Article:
Dental Decay Is On The Rise For Kids Under 5

Even kids who have “healthy” diets are experiencing tooth decay before they enter kindergarten, according to a new study.

Dentists in England, where dental care is free for kids under 18, are seeing thousands of very young children each year with decayed baby teeth (also known as “primary teeth”) that need to be removed.

Figures show there were 9,206 extractions carried out on children aged four and younger between April 2015 and March 2016. A decade ago, it was closer to 7,400 extractions, an increase of about 24% in the space of a decade – more than you would expect from population growth alone, according to the study.

In America, almost one in every four American children have untreated cavities in their teeth. Children reporting recent toothaches were 4 times more likely to have a lower grade-point average than their peers. Sadly “a substantial number” of US children recently had a toothache.

The Faculty of Dental Surgery at the Royal College of Surgeons, which compiled the data, blames tooth decay in young kids to sugary diets – including over-consumption of fruit.

Baby teeth are more susceptible to decay than adult teeth because primary teeth have thinner and often less resilient enamel that doesn’t provide as much protection from bacteria.

Prof Nigel Hunt, lead researcher on the study, told the BBC: “What is really distressing about these figures is that 90% of tooth decay is preventable through reducing sugar consumption, regular brushing with fluoride toothpaste and routine dental visits.”

Sugar Feeds Bacteria

Sugar and acid are the primary enemies of healthy teeth. Sugar is used as fuel by the acid-producing bacteria that live in our mouths. These bacteria love carbohydrates.

Carb-fueled bacteria multiply super-fast, creating an acidic environment in your mouth that weakens teeth and fosters the growth of bacterial plaque. Over time, without proper oral hygiene and dental care, the plaque clinging to teeth works its way under the gums, resulting in oral infections and tooth decay. Bacterial plaque is the primary cause of 90% of all dental disease.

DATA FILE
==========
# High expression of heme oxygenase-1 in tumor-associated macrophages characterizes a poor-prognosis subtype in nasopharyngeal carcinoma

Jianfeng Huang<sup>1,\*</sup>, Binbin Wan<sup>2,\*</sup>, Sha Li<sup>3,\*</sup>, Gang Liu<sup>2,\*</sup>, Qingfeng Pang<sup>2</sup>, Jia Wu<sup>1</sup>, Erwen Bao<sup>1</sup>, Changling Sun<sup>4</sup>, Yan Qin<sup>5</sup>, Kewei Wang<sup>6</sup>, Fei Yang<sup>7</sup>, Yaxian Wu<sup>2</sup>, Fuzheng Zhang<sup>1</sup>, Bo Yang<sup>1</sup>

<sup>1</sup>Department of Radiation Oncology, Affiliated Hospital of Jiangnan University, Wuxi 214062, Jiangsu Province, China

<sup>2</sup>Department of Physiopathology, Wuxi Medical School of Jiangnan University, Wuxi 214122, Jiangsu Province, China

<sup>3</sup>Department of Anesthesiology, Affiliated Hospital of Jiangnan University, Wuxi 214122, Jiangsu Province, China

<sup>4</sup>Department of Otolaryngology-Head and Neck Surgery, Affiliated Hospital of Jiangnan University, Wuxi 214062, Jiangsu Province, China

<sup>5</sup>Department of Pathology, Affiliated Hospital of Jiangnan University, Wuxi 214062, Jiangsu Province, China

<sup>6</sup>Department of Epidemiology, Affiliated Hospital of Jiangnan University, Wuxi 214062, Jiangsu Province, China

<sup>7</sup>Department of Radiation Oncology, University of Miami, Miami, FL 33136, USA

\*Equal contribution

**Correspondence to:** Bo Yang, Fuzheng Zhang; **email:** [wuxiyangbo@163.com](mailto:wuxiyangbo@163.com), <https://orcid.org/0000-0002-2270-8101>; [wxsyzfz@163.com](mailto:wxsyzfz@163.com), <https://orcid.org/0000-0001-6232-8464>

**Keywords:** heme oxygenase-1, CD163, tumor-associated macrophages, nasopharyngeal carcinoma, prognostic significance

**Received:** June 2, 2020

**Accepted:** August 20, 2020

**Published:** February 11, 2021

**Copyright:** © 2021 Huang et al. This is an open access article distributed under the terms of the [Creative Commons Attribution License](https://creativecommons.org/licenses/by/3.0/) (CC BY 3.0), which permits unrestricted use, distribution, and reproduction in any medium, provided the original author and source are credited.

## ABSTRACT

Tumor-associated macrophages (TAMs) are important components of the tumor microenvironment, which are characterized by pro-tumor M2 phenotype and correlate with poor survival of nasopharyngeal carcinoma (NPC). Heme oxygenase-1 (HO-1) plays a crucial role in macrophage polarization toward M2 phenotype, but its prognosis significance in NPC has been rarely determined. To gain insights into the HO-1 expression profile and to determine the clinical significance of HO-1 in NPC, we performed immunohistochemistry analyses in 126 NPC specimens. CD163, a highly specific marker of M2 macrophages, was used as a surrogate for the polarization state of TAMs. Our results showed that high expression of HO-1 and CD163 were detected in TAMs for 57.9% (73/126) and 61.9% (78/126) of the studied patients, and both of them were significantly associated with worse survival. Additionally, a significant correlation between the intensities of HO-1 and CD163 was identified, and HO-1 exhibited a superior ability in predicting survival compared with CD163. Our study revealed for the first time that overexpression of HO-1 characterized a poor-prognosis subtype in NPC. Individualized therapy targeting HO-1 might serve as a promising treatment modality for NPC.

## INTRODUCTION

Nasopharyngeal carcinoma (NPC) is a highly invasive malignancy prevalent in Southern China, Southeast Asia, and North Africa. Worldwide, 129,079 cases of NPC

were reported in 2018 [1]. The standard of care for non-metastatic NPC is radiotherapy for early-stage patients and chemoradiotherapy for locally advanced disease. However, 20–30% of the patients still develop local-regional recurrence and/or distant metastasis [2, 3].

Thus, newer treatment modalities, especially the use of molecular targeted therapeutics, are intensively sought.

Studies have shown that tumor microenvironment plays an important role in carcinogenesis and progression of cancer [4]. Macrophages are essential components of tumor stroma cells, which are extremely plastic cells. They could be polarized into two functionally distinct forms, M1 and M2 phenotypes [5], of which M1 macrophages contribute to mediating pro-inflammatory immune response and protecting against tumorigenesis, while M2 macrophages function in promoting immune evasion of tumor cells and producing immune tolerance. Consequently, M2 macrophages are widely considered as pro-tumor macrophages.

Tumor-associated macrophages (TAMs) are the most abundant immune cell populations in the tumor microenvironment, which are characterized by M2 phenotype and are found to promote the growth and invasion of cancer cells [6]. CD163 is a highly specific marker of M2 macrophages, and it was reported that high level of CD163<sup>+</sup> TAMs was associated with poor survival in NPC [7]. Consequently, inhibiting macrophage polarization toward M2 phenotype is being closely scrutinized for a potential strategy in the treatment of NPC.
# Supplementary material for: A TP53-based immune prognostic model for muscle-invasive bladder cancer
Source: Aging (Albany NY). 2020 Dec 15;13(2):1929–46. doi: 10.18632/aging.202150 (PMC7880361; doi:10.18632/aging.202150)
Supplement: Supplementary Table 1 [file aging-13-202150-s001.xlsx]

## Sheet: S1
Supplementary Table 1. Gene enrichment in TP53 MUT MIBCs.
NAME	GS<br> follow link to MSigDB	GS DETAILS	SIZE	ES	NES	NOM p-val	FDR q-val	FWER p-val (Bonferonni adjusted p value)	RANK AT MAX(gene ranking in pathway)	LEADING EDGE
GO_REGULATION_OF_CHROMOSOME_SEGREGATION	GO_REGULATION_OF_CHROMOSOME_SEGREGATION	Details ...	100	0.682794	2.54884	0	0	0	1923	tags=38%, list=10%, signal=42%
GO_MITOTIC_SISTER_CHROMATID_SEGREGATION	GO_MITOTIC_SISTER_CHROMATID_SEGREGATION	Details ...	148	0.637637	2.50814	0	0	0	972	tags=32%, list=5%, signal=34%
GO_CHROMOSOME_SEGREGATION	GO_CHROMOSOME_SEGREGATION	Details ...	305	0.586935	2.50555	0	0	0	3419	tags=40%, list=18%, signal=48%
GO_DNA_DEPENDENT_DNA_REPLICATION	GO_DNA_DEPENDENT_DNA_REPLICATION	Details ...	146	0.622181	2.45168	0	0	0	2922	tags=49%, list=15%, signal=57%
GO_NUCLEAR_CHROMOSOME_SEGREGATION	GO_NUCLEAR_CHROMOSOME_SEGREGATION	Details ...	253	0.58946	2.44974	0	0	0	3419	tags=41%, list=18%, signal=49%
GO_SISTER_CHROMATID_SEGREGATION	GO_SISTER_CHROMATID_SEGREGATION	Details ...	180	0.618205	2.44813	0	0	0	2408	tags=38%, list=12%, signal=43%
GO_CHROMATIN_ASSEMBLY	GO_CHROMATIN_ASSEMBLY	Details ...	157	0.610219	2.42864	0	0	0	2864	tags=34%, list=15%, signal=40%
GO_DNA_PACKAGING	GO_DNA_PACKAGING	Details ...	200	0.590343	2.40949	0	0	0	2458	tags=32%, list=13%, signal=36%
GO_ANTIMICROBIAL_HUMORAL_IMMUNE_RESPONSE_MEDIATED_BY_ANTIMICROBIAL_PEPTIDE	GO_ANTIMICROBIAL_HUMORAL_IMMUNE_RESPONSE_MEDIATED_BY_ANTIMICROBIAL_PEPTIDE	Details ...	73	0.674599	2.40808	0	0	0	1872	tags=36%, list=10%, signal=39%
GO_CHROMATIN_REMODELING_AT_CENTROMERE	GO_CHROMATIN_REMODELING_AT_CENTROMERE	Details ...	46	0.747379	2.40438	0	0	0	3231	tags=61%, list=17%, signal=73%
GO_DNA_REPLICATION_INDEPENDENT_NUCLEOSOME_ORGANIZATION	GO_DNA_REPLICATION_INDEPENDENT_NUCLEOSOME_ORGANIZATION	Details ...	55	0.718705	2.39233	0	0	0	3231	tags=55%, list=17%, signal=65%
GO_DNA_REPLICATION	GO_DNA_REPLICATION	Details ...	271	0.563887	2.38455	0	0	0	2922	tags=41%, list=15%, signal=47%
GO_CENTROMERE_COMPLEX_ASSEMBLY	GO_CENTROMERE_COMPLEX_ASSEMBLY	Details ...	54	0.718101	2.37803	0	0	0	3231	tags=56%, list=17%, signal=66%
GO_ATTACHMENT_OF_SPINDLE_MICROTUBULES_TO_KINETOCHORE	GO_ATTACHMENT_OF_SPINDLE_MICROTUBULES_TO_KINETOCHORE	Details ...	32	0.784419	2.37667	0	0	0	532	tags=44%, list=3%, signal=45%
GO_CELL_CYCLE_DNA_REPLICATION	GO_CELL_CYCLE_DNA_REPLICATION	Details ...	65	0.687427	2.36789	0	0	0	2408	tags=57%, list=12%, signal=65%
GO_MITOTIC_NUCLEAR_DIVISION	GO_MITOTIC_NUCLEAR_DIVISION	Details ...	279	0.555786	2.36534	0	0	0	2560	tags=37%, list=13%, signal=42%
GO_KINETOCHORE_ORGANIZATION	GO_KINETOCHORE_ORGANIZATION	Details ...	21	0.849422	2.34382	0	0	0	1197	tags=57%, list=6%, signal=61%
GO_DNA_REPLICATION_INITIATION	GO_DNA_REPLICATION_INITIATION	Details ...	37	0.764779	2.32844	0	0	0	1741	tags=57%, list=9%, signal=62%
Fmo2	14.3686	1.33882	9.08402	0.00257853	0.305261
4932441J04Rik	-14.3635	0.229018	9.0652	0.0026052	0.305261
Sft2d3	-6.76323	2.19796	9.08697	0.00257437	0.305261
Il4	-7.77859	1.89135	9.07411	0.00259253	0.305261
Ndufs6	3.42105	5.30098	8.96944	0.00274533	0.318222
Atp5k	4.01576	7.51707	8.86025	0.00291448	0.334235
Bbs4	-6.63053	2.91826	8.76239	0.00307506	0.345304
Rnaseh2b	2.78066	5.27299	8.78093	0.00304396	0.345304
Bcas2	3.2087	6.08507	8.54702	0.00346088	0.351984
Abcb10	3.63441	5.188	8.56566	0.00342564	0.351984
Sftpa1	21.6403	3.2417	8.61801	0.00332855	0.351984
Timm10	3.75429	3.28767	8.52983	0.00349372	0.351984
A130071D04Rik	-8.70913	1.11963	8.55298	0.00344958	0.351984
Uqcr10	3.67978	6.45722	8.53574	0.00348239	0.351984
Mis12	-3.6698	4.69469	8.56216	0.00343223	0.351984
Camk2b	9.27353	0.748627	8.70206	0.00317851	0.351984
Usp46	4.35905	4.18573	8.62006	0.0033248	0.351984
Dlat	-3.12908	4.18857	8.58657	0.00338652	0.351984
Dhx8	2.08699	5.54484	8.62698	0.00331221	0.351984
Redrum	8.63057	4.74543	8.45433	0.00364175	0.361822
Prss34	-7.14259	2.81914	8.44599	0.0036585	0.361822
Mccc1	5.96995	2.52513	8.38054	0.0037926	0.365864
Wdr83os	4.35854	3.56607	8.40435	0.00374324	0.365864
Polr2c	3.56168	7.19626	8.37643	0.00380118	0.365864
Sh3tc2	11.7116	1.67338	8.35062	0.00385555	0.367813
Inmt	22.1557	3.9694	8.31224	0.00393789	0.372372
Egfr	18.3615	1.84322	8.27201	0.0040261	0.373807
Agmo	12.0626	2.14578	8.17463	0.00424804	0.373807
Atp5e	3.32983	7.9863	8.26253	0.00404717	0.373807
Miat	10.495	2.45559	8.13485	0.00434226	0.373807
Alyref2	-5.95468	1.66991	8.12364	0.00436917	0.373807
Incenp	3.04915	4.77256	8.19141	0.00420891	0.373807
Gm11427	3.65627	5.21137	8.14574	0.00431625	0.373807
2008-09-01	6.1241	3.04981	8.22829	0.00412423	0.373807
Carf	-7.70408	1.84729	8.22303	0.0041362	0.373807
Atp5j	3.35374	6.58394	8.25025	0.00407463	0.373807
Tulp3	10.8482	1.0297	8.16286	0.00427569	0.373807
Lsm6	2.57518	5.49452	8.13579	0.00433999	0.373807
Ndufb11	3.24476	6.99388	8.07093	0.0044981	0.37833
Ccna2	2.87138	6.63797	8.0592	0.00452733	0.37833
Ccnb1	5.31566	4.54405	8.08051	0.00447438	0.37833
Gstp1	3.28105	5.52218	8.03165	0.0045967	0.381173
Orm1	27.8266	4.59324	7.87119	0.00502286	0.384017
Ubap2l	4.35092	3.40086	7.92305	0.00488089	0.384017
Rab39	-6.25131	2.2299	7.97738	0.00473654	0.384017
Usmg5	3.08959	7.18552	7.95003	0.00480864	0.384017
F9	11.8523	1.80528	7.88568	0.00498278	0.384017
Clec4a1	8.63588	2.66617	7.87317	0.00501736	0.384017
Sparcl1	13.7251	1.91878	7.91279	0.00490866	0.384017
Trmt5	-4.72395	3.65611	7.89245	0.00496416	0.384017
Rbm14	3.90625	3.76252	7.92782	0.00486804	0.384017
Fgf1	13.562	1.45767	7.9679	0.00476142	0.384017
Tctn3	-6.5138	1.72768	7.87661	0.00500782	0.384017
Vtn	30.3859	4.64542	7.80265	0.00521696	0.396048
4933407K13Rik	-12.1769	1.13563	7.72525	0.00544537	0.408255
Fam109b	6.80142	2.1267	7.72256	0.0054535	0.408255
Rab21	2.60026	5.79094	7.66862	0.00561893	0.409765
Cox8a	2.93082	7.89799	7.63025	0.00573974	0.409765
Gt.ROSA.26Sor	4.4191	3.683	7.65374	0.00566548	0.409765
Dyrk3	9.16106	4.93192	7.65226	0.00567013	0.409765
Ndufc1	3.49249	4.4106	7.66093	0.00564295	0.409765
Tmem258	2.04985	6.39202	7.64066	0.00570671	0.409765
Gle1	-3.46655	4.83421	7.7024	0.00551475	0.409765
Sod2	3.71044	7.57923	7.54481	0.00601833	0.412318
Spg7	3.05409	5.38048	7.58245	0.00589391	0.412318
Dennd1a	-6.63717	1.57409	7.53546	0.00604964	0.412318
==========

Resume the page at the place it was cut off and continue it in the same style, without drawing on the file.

Battle destructive bacteria by choosing treats carefully. Obviously, surgery snacks like candy and soda are bad choices for healthy smiles. And while a glass of fruit juice may seem to be healthy, it’s probably also packed with sugar and acid. The acid softens your child’s tooth enamel, while the sugar feeds bad bacteria – double whammy. Stick to veggie juices or, even better, water.

Even snacking on fruit, which would seem to be a healthy choice, isn’t the best choice for teeth. Including fruits during meal times is the best way to get your kids the benefits of fresh fruit without exposing them to an overload of sugar. During meals, saliva product is increased, which helps wash away sugar.

That said, naturally occurring sugar, like the kind present in fruit, is certainly a better choice than sugar added to processed foods. Also consider giving your kids cheese and raw vegetables for their between-meal snacks.

Keeping Kids Smiling

Some parents may not understand the importance of dental care and careful hygiene for baby teeth. Primary teeth are only present in a kid’s mouth for 8 years or less, since children tend to have their full set of baby teeth by age three and then typically start to lose those teeth between the ages of 5-7. Between ages 6-12, they will have a mix of permanent and primary teeth. Most kids will have a complete set of permanent teeth, not counting wisdom teeth, by age 12.

But baby teeth set the stage for dental health later in life. Loosing primary teeth before they naturally fall out may lead to badly aligned permanent teeth, which can only be corrected with years of treatment by braces.

Along with limiting sugary treats and drinks, good oral hygiene at home and regular preventive care is key to keeping young teeth decay-free. Review our at-home tips for taking care of kids teeth. And if you’ve been postponing visits to the dentist due to cost, consider dental savings plans to save 10%-60% on dental care for the whole family.

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